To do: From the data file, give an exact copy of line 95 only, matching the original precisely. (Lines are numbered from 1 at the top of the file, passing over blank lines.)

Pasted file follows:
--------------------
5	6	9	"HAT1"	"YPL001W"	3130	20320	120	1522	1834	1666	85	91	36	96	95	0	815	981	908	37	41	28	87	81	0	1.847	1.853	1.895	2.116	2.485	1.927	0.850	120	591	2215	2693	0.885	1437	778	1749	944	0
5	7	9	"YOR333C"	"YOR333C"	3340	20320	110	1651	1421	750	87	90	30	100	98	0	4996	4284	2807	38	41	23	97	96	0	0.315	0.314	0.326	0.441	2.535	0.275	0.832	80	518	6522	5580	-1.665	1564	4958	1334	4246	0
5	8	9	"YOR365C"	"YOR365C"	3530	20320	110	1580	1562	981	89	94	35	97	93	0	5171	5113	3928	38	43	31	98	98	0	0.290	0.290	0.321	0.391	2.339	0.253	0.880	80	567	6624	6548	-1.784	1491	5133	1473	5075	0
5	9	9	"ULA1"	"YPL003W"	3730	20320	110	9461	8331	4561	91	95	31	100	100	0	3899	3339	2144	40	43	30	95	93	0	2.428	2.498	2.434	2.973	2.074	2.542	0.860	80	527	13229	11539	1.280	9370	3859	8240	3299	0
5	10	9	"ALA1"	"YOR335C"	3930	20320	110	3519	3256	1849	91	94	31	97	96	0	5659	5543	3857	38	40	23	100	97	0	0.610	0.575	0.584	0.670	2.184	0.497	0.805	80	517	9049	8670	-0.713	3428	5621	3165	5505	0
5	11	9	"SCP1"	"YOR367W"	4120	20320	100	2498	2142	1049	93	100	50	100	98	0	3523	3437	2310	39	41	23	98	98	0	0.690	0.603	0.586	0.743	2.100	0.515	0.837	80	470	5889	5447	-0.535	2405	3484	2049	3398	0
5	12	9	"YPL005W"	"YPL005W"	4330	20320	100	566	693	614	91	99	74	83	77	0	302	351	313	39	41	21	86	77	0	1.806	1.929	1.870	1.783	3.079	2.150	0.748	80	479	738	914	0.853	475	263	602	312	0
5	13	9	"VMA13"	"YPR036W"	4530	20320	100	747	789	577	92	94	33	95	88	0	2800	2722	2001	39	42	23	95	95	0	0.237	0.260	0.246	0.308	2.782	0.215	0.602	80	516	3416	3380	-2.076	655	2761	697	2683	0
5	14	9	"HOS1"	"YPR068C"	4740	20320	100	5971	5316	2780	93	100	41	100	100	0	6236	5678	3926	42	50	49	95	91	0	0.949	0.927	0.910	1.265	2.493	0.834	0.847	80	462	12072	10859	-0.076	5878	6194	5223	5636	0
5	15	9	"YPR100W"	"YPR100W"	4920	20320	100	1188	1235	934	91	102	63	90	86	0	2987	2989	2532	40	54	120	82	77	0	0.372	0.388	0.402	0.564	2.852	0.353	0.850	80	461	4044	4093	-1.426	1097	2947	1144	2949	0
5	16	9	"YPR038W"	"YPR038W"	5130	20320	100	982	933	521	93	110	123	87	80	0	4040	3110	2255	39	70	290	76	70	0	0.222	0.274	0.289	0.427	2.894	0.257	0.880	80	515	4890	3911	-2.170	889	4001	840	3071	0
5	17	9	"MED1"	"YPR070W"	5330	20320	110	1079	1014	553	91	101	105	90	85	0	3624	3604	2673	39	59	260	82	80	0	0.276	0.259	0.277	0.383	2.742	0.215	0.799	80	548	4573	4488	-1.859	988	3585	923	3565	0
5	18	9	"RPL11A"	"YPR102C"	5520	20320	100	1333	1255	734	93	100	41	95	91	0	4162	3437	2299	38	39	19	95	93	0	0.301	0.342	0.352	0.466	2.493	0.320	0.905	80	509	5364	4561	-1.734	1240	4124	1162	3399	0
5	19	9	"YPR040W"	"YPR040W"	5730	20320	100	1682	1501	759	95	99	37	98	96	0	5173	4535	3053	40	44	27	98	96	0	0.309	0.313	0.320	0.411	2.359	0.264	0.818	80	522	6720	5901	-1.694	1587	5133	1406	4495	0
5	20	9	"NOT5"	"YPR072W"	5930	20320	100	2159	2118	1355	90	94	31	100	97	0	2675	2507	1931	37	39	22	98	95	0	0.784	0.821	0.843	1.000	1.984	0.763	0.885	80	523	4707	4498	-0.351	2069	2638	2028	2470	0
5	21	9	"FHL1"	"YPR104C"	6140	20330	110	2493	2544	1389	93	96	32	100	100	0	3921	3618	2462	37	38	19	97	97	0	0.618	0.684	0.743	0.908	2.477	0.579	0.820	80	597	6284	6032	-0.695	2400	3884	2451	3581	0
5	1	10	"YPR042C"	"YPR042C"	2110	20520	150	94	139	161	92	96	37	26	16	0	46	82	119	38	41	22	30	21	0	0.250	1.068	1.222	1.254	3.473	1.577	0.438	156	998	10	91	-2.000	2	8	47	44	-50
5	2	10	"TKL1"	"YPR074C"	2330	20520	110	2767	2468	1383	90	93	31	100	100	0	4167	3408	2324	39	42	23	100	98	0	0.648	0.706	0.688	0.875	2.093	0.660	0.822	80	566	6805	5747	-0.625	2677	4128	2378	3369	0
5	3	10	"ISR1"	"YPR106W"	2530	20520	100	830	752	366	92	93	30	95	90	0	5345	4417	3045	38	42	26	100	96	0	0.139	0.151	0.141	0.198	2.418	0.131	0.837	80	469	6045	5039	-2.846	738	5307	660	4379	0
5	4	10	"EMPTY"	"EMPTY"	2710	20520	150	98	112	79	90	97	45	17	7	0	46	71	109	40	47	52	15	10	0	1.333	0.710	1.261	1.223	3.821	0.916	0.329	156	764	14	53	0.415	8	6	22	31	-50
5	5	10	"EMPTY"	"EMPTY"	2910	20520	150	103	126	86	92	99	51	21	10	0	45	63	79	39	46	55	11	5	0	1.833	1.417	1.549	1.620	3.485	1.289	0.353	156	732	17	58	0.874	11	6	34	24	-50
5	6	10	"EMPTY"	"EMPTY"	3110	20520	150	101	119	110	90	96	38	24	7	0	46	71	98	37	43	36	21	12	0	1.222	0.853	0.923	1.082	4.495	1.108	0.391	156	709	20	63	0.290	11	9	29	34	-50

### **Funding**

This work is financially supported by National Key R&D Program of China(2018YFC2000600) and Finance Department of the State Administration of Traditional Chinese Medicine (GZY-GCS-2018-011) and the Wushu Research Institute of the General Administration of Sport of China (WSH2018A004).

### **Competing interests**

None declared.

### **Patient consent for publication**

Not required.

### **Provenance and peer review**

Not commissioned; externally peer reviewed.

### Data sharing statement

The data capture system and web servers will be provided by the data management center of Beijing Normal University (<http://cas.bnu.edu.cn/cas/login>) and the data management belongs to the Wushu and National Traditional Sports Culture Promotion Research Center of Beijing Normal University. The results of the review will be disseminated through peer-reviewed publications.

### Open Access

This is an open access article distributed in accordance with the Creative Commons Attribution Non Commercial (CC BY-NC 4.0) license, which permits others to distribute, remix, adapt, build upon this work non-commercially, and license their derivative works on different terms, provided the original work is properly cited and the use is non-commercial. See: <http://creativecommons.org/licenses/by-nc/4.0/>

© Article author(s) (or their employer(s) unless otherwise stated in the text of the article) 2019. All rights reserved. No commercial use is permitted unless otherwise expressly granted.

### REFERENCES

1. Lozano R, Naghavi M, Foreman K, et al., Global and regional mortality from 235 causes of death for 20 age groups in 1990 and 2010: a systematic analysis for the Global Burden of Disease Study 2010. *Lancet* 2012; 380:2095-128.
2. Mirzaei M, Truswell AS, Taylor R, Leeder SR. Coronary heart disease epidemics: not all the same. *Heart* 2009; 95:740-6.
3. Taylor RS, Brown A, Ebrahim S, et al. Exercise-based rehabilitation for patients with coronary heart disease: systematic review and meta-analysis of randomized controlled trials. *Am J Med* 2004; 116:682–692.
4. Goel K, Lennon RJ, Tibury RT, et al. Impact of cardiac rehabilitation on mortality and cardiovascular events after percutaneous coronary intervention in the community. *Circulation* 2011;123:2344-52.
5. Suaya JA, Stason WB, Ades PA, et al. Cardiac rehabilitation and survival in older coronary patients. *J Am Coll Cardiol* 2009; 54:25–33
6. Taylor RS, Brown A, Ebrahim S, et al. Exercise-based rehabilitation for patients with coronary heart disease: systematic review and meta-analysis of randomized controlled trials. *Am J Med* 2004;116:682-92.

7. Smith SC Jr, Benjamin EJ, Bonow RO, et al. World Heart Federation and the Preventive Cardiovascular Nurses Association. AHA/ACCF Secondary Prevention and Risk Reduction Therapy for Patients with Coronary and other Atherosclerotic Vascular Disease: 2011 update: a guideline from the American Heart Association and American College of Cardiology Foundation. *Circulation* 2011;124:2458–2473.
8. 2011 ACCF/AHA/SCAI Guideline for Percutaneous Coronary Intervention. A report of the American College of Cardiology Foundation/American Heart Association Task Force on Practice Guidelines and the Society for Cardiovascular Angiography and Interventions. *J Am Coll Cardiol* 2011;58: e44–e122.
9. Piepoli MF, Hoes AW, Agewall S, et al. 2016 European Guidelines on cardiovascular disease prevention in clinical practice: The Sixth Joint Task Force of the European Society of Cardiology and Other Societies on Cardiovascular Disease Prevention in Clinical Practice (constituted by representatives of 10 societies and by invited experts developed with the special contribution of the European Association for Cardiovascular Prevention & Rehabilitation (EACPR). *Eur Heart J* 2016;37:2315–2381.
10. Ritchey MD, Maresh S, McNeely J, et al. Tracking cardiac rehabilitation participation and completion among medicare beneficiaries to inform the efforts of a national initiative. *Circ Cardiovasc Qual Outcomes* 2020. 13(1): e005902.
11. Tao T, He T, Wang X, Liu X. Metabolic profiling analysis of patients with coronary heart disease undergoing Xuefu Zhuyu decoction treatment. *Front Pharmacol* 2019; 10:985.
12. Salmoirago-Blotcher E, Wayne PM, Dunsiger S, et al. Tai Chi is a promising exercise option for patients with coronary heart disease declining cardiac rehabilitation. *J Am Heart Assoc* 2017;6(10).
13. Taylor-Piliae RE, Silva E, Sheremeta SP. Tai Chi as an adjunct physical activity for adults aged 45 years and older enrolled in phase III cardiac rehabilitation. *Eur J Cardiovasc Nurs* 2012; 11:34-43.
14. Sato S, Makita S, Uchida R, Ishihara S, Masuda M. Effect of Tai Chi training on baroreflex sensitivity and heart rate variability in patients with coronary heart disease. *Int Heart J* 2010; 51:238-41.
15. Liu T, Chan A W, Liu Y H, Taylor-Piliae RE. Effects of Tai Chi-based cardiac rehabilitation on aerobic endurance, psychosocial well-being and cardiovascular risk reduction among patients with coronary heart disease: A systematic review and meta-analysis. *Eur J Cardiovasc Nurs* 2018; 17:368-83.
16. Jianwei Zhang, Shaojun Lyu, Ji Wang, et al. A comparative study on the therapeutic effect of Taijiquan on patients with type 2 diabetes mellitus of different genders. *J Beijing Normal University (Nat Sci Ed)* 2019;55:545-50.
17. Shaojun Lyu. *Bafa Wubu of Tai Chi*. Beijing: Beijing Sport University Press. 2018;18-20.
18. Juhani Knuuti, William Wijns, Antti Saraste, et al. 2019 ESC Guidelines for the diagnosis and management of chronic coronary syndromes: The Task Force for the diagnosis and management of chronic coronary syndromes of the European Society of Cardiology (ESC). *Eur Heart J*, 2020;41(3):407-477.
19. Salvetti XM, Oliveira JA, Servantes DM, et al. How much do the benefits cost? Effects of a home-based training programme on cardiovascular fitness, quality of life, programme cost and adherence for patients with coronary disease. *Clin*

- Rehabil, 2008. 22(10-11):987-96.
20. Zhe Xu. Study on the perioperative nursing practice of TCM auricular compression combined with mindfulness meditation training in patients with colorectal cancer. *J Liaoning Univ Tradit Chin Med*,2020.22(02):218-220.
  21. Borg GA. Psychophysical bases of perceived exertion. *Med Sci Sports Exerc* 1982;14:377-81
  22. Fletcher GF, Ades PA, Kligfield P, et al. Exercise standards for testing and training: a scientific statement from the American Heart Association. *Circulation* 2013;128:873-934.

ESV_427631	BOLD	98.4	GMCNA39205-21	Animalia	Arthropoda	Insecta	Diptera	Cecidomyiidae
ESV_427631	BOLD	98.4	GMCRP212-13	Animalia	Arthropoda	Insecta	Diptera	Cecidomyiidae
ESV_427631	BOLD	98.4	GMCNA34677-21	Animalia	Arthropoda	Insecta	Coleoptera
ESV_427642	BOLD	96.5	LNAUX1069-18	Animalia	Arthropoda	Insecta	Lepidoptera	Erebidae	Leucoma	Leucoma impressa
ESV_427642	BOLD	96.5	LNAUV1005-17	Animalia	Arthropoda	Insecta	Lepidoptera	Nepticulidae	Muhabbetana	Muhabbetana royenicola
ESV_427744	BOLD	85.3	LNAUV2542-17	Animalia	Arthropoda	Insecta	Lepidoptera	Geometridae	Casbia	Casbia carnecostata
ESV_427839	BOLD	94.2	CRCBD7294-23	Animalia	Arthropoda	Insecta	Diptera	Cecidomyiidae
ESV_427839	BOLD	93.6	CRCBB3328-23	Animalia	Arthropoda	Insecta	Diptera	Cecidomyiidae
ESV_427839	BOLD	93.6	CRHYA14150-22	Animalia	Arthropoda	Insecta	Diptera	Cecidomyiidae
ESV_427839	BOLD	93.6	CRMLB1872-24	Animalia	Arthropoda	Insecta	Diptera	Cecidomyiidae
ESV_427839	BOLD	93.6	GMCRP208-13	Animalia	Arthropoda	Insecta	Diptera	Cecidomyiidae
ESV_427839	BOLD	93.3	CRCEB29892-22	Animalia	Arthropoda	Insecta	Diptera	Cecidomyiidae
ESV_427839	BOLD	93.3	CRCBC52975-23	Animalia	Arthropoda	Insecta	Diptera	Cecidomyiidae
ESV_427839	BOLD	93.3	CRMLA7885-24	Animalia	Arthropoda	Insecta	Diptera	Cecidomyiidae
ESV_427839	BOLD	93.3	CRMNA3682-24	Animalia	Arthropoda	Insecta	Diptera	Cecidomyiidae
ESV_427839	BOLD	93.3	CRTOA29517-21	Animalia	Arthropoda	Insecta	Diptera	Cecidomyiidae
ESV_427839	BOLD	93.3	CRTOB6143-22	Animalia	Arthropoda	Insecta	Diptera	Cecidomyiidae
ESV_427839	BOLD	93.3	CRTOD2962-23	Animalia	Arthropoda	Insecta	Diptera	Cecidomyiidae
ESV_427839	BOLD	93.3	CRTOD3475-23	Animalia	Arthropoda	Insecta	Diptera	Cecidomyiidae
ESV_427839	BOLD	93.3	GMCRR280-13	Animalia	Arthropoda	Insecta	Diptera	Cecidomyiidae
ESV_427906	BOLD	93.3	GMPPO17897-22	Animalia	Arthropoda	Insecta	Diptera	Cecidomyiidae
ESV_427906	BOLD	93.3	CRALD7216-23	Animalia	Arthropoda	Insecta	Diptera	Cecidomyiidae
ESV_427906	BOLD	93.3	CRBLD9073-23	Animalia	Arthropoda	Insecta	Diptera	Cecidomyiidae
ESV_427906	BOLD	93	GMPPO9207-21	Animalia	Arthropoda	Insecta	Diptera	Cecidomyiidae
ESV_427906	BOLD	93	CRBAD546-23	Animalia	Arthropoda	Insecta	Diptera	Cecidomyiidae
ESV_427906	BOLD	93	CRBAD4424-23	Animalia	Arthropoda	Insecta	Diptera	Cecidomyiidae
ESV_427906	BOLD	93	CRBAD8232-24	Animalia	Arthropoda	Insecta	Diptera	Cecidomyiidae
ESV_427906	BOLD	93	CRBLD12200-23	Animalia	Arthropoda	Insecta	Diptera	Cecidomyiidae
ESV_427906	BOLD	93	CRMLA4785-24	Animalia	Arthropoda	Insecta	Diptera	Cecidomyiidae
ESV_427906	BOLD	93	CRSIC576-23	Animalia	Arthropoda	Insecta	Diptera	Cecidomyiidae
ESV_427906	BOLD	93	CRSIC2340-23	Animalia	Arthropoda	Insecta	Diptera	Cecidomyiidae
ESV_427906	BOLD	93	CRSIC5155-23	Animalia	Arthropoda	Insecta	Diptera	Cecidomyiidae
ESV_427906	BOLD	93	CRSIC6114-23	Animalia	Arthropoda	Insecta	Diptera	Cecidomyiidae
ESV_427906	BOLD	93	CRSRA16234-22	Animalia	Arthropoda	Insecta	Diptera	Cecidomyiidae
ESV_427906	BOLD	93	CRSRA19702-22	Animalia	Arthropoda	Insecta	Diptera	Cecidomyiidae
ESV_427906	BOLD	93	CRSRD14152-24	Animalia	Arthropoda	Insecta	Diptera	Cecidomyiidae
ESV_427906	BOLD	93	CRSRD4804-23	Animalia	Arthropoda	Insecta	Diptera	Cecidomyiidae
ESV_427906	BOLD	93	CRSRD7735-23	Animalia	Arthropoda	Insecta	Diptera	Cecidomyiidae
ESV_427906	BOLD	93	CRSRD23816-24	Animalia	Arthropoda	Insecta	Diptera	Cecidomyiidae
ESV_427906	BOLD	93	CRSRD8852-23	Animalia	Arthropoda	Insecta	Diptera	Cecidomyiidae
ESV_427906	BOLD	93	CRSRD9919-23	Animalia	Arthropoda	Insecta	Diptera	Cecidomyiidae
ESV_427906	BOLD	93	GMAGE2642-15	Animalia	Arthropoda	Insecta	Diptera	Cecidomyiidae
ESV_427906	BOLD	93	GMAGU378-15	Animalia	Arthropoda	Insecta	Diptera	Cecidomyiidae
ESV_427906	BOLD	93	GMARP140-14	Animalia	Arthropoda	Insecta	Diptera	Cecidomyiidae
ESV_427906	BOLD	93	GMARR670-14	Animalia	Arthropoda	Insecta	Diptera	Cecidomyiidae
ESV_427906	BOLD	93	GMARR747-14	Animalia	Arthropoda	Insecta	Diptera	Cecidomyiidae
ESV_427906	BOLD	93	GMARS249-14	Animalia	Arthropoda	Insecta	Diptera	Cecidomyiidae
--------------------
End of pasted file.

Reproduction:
ESV_427906	BOLD	93	CRSRD14152-24	Animalia	Arthropoda	Insecta	Diptera	Cecidomyiidae